By Emily Birnbaum, THE HILL
March 28, 2019
Apple’s new entertainment subscription services and credit card, launched to great fanfare this week, could raise new concerns for the company over market power and competition issues.
Apple executives at a star-studded event in Cupertino, Calif., this week unveiled subscription services in gaming, news and television, as well as a new Apple credit card.
Apple has managed to avoid much of the scrutiny over tech company power and antitrust enforcement that have hit other giants like Amazon, Facebook and Google. But the company’s latest moves into entertainment services is raising red flags for antitrust experts.
“I would caution that enforcers need to be very vigilant to make sure that Apple is not tipping the scales in its favor,” Sally Hubbard, director of enforcement strategy at the Open Markets Institute, told The Hill.
Hubbard said she is concerned that Apple is “controlling the game and playing the game too” as the owner of both the iOS App Store and creator of the iPhone.
The new concerns over Apple are emerging as lawmakers show more interest in reining in big tech, particularly when it comes privacy and competition issues.
Sen. Elizabeth Warren (D-Mass.), a 2020 contender, earlier this month released a plan to break up some of Silicon Valley’s largest tech companies: Facebook, Google and Amazon. She later told media outlets that she would target Apple as well.
“Apple, you’ve got to break it apart from their App Store,” Warren said. “It’s got to be one or the other. Either they run the platform or they play in the store. They don’t get to do both at the same time. So it’s the same notion.”
Rep. David Cicilline (D-R.I.), chairman of the House Judiciary antitrust subcommittee, in particular has vowed to use his perch to crack down on tech giants’ enormous market power and potential antitrust violations.
Experts told The Hill they expect Congress and regulators to watch closely to ensure Apple does not prioritize its new subscription services over competitors.
Chris Sagers, a professor at the Cleveland-Marshall College of Law, told The Hill that Apple could run into trouble legally if it tweaks its App Store rules to disadvantage competing services.
Apple’s video streaming service, Apple TV+, will offer original content from celebrities including Oprah Winfrey, Jennifer Anniston and Steven Spielberg, among others. The company has not yet announced how much the service will cost per month, but Apple CEO Tim Cook at the Monday event said it is coming to Apple devices this fall in more than 100 countries.
It will be offered through Apple TV, which comes preloaded onto Apple products.
The service puts Apple in competition with both Amazon and Netflix, which currently dominates the streaming market.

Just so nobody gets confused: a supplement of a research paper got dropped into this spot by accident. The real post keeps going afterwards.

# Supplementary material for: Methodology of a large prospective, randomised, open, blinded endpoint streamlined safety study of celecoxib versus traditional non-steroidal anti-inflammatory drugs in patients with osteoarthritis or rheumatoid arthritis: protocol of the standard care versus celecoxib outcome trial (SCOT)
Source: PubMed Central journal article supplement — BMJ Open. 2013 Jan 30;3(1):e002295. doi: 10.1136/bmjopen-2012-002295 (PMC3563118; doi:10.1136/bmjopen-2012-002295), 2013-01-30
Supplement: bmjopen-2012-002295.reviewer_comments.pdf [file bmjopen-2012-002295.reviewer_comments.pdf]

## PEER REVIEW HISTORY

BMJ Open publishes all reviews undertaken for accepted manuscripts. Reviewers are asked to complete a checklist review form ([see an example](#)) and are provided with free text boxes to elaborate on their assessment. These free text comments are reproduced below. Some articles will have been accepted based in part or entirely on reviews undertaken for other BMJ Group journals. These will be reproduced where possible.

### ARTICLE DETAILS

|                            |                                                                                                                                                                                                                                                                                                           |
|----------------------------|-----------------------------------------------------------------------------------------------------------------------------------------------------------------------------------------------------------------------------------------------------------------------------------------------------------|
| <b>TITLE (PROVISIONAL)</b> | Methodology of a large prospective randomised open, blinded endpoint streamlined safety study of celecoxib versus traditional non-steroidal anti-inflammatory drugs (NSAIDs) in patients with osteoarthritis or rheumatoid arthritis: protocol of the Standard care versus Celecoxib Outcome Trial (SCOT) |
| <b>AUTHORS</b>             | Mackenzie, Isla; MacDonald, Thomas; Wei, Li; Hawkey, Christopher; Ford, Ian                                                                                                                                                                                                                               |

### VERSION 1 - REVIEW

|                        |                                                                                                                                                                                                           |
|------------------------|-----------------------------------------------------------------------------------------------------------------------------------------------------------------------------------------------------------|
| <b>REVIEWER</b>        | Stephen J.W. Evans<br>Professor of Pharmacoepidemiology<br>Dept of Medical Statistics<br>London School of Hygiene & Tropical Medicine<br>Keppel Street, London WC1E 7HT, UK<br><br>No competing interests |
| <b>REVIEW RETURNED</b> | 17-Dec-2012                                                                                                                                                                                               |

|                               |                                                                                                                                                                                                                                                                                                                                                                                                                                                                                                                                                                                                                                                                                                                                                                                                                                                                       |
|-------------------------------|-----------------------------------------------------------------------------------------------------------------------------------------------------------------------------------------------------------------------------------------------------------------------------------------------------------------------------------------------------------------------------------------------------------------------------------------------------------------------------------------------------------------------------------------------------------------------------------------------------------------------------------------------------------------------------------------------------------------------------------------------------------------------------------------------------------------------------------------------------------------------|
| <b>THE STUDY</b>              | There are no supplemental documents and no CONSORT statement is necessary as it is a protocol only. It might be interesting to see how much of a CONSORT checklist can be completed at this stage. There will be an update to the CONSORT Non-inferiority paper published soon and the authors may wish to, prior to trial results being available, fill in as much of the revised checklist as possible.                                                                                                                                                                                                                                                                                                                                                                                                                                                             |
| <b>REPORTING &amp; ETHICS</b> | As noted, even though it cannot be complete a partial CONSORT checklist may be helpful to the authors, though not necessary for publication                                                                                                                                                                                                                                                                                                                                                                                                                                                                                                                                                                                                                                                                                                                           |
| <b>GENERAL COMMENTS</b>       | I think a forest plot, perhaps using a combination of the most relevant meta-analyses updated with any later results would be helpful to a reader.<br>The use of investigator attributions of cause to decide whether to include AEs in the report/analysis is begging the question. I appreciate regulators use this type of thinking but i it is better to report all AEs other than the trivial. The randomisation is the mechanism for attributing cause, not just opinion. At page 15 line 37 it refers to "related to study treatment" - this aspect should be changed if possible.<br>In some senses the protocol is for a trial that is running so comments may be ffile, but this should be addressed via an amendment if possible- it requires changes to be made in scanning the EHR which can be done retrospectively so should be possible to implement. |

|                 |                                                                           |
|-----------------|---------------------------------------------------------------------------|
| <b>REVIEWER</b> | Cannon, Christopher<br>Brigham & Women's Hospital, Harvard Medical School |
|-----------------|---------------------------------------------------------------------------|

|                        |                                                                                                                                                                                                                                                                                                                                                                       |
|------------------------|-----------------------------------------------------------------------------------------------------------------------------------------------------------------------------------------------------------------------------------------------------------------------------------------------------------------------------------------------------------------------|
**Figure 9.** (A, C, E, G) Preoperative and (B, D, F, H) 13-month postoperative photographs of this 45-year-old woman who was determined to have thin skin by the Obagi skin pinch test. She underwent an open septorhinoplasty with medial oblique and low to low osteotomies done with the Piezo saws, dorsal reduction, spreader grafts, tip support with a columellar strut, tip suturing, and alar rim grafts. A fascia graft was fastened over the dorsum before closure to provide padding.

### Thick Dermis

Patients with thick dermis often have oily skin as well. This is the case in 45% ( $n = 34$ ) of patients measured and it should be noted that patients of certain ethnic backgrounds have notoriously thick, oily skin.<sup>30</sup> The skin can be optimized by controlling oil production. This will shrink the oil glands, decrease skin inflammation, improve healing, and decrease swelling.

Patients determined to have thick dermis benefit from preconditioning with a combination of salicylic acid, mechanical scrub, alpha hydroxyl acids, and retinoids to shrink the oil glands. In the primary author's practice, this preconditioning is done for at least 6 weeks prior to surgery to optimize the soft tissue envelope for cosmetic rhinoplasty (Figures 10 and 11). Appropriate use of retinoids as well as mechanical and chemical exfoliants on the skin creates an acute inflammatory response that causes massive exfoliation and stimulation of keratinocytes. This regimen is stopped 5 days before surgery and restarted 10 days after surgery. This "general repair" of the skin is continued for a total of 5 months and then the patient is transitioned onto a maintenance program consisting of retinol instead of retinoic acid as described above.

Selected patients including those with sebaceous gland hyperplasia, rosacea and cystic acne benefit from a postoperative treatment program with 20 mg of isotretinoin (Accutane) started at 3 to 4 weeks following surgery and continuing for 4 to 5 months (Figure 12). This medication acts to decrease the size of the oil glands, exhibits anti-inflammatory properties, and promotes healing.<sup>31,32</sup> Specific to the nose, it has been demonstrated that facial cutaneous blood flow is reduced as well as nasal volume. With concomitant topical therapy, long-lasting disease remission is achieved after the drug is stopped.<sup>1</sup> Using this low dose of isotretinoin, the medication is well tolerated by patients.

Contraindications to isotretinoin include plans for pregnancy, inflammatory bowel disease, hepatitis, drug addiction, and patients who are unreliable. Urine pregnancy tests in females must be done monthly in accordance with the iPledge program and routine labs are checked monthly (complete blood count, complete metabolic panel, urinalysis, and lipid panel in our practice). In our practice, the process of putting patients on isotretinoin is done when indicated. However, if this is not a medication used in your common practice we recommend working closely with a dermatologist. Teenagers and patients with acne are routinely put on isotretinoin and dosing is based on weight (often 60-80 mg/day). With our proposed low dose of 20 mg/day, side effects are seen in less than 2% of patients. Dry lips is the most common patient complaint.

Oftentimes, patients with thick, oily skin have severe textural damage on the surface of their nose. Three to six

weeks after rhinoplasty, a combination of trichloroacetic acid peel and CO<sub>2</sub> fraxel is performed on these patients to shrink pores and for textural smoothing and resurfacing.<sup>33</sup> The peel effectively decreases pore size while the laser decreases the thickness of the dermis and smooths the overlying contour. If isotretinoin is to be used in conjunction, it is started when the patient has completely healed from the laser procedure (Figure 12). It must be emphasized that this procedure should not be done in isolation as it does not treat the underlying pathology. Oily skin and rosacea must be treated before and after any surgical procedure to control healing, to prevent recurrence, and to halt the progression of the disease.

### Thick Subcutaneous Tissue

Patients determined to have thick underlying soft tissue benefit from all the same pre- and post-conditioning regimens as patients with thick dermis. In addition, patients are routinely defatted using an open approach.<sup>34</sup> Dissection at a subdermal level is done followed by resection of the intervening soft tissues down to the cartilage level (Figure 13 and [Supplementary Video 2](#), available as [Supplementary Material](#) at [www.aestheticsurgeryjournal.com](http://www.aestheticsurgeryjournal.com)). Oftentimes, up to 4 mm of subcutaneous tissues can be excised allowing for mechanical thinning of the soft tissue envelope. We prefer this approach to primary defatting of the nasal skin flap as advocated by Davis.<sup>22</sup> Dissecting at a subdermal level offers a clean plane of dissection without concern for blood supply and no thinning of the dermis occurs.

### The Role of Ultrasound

“Now that Apple is getting into the content creation business, there are some real questions about how it can bundle its services and how it might potentially distribute content that can only be used on its platform,” Jamie Court, president of Consumer Watchdog, told The Hill. “It could raise some antitrust questions.”
Court said Apple could quickly become the “dominant player” in music and video streaming, potentially driving out competitors and allowing the company to raise prices for consumers.
Meanwhile, Apple’s news subscription service, Apple News+, will offer customers access to more than 300 magazines, as well as some of the country’s largest newspapers, through their Apple News app for $9.99 per month. Some newspapers that require a subscription, including The Wall Street Journal and Los Angeles Times, will be available to readers through the subscription bundle.
“The question will be, is Apple doing anything to ease its entry that would hurt other people competing in these spaces?” Sagers said.
Apple is already dealing with concerns over its market power abroad. Spotify, a music streaming app, earlier this month filed a formal antitrust complaint against Apple in the European Union alleging the company is trying to unfairly stifle its competitors through the App Store.
Spotify in the complaint claimed that Apple is leveraging the App Store to keep competing services such as Spotify at bay, which Apple has denied. Apple offers its own music streaming app through its App Store.
Apple has tried to distinguish itself from other Silicon Valley titans by touting its robust privacy policies and, as seen at the launch event, its star power.
At the event, before a parade of celebrities spoke about Apple TV+, Apple executives repeatedly touted the privacy protections in their new subscription services.
“Apple doesn’t know what you read, Apple doesn’t allow advertisers to track you,” Apple’s vice president of applications, Roger Rosnor, said, discussing the news service. “What you read about in Apple News will not follow you across the web.”
The presentation promoting Apple’s new credit card, which will be issued by Goldman Sachs, promised that Goldman Sachs “will never share or sell your data to third parties for marketing.”
Those efforts have garnered Apple much goodwill, but as the company expands its services it could face the same tough questions as other giants.
“Apple has a much less destructive business model than Facebook and Google,” Hubbard said, noting the business model of those companies requires collecting user data to target ads in a way Apple’s does not.
“But you still have the same conflict of interest problems.”
Apple’s new subscription services in gaming, television and news, as well as its new credit card, will be fully rolled out over the next year. How they compete against other established companies remains to be seen.
But as Apple expands, Congress and regulators will likely be watching closely.
“I thought the platform in the most trouble was Amazon or maybe Facebook, but it’s starting to look like it could be Apple,” Sagers said.